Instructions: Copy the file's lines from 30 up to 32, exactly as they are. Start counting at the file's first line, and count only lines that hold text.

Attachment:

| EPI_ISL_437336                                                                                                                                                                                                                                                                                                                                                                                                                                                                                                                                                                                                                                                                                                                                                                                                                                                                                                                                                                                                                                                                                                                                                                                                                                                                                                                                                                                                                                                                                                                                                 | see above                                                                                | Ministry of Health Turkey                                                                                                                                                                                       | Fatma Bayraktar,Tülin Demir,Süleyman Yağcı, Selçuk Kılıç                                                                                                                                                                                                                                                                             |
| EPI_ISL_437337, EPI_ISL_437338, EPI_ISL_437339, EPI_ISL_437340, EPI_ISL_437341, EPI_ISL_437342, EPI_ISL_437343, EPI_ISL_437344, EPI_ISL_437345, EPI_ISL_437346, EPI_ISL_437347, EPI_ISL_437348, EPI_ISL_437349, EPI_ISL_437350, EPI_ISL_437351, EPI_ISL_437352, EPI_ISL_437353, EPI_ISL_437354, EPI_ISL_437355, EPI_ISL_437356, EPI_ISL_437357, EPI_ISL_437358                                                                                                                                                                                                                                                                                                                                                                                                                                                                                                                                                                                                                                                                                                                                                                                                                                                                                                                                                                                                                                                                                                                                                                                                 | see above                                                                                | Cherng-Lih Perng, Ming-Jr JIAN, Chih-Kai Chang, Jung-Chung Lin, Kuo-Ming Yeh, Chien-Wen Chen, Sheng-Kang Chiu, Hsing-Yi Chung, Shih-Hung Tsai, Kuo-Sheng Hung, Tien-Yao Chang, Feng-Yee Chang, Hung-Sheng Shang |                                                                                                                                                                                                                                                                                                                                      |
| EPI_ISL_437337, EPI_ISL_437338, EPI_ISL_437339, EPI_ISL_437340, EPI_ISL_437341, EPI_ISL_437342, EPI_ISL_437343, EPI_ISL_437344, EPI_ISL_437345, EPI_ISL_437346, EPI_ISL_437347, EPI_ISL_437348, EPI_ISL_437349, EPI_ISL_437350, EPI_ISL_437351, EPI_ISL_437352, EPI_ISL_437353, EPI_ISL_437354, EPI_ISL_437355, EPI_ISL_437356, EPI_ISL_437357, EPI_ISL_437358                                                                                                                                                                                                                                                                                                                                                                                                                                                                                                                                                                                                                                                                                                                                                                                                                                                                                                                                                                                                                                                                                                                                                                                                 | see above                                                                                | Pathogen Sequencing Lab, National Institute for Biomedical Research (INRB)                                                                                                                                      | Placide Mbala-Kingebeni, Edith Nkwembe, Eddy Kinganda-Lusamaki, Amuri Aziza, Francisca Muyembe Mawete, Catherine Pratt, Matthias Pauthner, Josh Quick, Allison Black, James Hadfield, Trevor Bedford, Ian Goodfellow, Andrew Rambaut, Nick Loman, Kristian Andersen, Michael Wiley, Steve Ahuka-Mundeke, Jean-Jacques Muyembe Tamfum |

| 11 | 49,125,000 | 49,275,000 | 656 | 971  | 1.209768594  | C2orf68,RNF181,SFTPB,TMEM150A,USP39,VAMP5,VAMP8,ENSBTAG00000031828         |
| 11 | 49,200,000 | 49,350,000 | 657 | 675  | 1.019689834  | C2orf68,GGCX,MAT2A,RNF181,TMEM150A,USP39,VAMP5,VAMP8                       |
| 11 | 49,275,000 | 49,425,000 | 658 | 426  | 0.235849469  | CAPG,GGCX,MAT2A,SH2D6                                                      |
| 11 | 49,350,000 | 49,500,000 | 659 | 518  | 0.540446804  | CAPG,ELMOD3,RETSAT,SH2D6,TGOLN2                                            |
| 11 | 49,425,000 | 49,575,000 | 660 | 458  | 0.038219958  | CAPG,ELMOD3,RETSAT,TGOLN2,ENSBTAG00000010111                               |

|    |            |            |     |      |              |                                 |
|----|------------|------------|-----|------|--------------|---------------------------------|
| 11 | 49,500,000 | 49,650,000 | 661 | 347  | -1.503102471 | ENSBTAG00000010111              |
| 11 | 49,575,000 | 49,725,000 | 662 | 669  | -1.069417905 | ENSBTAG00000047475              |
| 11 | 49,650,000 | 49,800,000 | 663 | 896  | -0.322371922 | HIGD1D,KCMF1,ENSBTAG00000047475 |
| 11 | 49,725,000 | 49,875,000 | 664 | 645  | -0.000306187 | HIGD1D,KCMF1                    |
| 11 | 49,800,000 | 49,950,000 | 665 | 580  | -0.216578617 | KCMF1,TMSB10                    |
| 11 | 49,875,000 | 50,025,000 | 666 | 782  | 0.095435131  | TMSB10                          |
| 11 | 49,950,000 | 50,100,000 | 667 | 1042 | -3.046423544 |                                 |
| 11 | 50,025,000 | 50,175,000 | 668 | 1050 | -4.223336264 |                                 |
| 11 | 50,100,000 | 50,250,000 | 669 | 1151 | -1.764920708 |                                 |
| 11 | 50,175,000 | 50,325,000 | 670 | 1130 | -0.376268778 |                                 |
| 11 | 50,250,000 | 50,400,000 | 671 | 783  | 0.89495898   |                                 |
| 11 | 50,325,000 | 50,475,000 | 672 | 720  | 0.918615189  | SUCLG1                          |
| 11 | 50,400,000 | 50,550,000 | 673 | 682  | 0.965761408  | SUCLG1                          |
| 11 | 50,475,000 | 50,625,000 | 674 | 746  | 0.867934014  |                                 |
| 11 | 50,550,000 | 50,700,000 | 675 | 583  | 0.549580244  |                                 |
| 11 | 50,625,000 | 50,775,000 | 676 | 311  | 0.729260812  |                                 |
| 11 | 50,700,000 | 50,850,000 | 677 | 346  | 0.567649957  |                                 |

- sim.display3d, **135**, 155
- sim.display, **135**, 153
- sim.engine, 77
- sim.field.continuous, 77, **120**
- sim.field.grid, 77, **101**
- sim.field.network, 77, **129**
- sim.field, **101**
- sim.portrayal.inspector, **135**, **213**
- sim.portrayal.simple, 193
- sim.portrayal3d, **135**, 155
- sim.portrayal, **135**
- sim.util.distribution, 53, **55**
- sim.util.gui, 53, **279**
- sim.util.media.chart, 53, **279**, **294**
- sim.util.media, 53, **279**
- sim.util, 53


- sim.engine, 77
- sim.field.continuous, 77, **120**
- sim.field.grid, 77, **101**